NASSCO-Commissioned Study Offers CIPP Safety Recommendations

Trenchless Technology Center releases new data about CIPP emissions.

NASSCO-Commissioned Study Offers CIPP Safety Recommendations

Much of the study’s emissions testing showed styrene levels below health risk thresholds offered by the Environmental Protection Agency, OSHA and National Institute for Occupational Safety and Health. However, the Trenchless Technology Center at Louisiana Tech University released some preliminary safety recommendations for CIPP projects. 

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If you’re reading I&I magazine, you already know the benefits of CIPP are limitless. Compared with traditional excavation approaches, using CIPP where applicable drastically reduces the cost of pipeline rehabilitation projects while limiting the disturbances to residents and the environment.

With the process’ ever-growing popularity comes additional opportunity for examination and improvement, which is why entities like Trenchless Technology Center at Louisiana Tech University are looking at how best to protect workers in close contact with CIPP projects that use a steam curing process.

For a while, not much was known about the potential hazards of CIPP emissions, which is why NASSCO formed a work group of industry leaders to put out a call for proposals to take on a two-phase study measuring styrene and other compounds to capture variation in emissions during CIPP rehabilitation.

NASSCO announced in mid-2018 that Louisiana Tech’s Trenchless Technology Center was awarded the project. “As the North American Society for Trenchless Technology representative on the work group for the CIPP emission testing project, I am delighted with the selection of the Trenchless Technology Center as the most meritorious candidate for this important research,” Mike Willmets, NASTT executive director, said at the time in a statement.

Results and recommendations

The preliminary results of that study are in, and the center recently shared its findings via webinar.

As part of the study, the Trenchless Technology Center collected data at nine CIPP project sites.

“The sites reflected variety — different geographies and climates, high altitude and dry and low altitude and wet, different times of the year,” says Elizabeth Matthews, one of the members of the team heading up the study.

The pipe lengths and diameters also varied at the CIPP job sites in Shreveport, Louisiana; St. Louis; and Aurora, Colorado, where data was collected. Various emissions measurements were taken before, during and after curing at the job sites and the surrounding areas. Meteorological measurements like wind speed were also taken into account. Dispersion modeling was used to estimate compound concentrations for areas extending farther away from the job sites.

Though it wasn’t the only chemical looked at, styrene was the only volatile organic compound identified with concentrations significant enough to potentially pose a health risk to workers and the surrounding community, based on guidelines published by the Environmental Protection Agency, OSHA and the National Institute for Occupational Safety and Health.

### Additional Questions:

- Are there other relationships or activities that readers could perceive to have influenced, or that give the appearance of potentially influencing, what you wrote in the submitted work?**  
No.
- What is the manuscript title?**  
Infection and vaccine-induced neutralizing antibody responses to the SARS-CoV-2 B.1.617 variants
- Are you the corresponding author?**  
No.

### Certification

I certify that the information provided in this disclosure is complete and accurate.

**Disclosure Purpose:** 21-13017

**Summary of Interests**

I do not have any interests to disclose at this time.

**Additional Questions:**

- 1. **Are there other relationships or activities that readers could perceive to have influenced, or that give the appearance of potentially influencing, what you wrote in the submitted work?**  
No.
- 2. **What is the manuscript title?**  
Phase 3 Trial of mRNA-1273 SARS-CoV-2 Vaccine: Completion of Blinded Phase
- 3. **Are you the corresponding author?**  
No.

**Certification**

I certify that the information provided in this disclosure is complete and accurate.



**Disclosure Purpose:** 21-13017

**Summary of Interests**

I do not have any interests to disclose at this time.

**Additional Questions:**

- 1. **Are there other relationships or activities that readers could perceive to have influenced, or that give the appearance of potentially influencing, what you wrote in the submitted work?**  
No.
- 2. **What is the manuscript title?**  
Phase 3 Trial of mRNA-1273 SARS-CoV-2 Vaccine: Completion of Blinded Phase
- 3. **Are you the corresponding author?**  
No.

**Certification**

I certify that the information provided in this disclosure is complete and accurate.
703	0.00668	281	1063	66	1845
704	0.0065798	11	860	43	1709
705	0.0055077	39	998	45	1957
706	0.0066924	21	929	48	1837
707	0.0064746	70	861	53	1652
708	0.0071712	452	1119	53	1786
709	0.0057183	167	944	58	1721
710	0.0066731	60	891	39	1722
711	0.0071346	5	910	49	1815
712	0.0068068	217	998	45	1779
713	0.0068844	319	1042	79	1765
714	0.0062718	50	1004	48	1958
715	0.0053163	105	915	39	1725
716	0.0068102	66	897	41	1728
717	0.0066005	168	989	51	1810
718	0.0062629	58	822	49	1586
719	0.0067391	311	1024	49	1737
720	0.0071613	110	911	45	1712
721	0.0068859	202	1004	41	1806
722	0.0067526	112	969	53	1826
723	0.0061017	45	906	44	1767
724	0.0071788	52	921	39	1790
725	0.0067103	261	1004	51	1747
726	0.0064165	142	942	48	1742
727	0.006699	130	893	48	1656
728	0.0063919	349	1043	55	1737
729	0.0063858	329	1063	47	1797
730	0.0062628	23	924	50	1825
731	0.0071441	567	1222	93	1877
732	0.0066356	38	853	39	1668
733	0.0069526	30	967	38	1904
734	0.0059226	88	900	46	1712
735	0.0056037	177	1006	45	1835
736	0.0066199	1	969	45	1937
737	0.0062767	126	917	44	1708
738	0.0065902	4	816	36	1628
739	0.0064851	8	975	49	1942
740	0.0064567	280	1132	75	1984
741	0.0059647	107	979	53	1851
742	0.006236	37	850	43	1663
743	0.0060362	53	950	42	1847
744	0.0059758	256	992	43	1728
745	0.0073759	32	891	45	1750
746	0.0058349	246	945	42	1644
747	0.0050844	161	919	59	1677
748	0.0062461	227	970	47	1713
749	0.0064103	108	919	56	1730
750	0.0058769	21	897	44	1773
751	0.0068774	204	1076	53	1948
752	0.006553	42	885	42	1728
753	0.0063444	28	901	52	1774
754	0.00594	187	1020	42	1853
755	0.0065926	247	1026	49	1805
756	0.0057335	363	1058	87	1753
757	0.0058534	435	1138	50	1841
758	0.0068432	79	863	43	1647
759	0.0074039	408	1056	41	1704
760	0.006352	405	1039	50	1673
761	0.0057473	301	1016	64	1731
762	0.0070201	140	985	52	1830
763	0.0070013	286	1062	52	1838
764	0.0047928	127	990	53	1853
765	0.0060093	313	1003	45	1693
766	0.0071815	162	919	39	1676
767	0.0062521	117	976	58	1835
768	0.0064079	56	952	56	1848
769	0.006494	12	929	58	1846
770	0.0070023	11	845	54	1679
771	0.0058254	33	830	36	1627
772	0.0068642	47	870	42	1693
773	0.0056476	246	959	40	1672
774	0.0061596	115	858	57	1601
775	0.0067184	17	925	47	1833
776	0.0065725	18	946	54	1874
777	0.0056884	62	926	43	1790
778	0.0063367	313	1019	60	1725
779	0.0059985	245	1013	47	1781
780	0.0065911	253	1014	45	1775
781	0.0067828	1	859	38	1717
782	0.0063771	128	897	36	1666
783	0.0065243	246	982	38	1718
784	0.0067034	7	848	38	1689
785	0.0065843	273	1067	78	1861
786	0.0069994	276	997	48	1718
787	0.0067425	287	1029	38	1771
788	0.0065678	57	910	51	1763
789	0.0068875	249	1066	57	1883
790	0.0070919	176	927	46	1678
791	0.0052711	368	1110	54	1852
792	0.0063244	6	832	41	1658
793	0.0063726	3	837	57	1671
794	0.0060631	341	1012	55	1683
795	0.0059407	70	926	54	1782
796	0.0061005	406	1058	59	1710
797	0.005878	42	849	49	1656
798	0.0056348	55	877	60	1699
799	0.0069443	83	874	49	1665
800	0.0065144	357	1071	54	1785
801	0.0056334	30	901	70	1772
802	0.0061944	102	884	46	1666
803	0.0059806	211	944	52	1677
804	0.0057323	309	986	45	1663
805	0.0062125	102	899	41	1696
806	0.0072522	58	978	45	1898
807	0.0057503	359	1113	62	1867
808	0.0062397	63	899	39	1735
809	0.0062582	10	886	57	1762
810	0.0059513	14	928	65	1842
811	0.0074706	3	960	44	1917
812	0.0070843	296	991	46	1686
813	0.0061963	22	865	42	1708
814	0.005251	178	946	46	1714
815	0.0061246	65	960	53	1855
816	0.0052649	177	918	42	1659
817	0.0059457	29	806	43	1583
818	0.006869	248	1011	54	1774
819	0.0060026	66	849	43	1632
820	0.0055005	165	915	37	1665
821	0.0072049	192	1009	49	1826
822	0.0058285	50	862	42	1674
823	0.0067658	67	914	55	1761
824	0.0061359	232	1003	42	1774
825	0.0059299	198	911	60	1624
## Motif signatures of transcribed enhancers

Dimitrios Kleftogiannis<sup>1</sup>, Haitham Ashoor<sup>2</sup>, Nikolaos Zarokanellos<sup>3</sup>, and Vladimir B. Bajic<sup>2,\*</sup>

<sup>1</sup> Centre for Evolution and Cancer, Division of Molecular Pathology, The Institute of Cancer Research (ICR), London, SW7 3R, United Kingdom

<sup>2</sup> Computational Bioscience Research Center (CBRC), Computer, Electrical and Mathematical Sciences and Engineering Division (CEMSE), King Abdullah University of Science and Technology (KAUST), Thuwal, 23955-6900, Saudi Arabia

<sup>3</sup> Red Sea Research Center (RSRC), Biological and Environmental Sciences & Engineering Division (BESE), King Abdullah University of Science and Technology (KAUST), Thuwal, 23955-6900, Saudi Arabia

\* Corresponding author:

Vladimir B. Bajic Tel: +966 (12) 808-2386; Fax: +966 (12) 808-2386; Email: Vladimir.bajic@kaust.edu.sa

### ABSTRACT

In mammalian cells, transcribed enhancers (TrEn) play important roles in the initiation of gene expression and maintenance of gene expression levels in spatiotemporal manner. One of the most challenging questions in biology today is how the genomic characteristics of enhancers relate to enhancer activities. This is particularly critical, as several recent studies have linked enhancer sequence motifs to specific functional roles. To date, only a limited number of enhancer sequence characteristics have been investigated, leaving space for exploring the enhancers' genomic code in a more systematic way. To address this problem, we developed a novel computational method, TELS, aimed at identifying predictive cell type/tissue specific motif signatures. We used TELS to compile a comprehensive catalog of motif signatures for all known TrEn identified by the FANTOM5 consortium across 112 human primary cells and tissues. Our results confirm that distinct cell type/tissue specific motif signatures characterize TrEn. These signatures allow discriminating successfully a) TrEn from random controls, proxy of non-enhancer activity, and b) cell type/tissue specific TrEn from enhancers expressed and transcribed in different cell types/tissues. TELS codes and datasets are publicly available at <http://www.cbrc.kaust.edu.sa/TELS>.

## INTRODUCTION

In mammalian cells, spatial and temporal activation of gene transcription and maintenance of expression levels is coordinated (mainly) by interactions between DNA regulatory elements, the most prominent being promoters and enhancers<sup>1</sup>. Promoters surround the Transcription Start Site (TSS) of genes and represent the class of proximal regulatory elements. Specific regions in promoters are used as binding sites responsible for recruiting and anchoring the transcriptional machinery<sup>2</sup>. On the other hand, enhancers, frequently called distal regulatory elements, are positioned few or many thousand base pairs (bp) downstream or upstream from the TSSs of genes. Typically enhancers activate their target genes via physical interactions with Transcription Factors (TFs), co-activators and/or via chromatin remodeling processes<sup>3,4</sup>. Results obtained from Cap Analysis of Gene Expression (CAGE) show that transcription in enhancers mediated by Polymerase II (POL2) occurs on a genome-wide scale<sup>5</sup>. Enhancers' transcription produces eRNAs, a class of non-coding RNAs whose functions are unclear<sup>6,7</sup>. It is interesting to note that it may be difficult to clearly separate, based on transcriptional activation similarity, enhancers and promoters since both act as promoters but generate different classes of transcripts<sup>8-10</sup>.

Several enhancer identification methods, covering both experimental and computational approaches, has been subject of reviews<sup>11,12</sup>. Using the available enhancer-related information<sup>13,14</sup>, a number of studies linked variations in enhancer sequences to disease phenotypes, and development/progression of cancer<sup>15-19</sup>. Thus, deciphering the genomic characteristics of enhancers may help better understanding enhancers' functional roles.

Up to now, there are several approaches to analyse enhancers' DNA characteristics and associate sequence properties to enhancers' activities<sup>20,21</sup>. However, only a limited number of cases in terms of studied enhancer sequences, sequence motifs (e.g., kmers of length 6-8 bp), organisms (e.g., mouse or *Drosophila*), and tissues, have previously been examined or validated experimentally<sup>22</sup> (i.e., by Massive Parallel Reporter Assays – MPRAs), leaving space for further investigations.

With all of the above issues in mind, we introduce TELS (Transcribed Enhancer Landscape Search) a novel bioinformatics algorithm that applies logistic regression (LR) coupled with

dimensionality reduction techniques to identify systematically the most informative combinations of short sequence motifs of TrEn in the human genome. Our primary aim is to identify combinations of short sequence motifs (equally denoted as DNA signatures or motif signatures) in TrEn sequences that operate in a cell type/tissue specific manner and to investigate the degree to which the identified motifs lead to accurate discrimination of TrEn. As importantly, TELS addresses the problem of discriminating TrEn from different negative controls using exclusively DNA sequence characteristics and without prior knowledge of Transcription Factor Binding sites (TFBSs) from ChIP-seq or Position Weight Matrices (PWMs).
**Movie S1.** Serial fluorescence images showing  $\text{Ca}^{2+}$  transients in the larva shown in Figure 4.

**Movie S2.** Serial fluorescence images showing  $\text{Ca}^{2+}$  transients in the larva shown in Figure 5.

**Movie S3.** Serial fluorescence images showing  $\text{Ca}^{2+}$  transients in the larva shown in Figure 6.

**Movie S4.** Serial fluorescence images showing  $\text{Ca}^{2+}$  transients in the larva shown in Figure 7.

Much of the emissions testing showed styrene amounts below those health risk thresholds. Across the various job sites, the trend that emerged was that the liner truck opening and emissions stack posed the greatest concern.

“Because of the consistency of the data, those are the areas we focused on with our safety recommendations,” says John Matthews, director of the Trenchless Technology Center.

Some of the preliminary recommendations include:

Active air monitoring for anyone entering the liner truck, as well as the appropriate personal protective equipment for those workers.

A 15-foot perimeter around exhaust manholes and emissions stacks during curing. The perimeter can be entered for short amounts of time not exceeding five minutes. Beyond five minutes, the appropriate PPE should be used.

A minimum height of 6 feet for emissions stacks to enhance the dispersion of emissions and lessen the likelihood of workers entering the perimeter from having to cross into the plume, even when wearing PPE.

“There was a lot of data collected,” Matthews says. “We feel this is a pretty comprehensive study, but there’s always an opportunity to collect more data.”

To view and listen to a recording of the webinar, visit www.nassco.org. A more detailed report of the study will be available soon, along with answers to questions that were submitted during the webinar. NASSCO will also provide additional safety recommendations through its CIPP Safety Workgroup and is encouraging industrywide participation. Email director@nassco.org to join.



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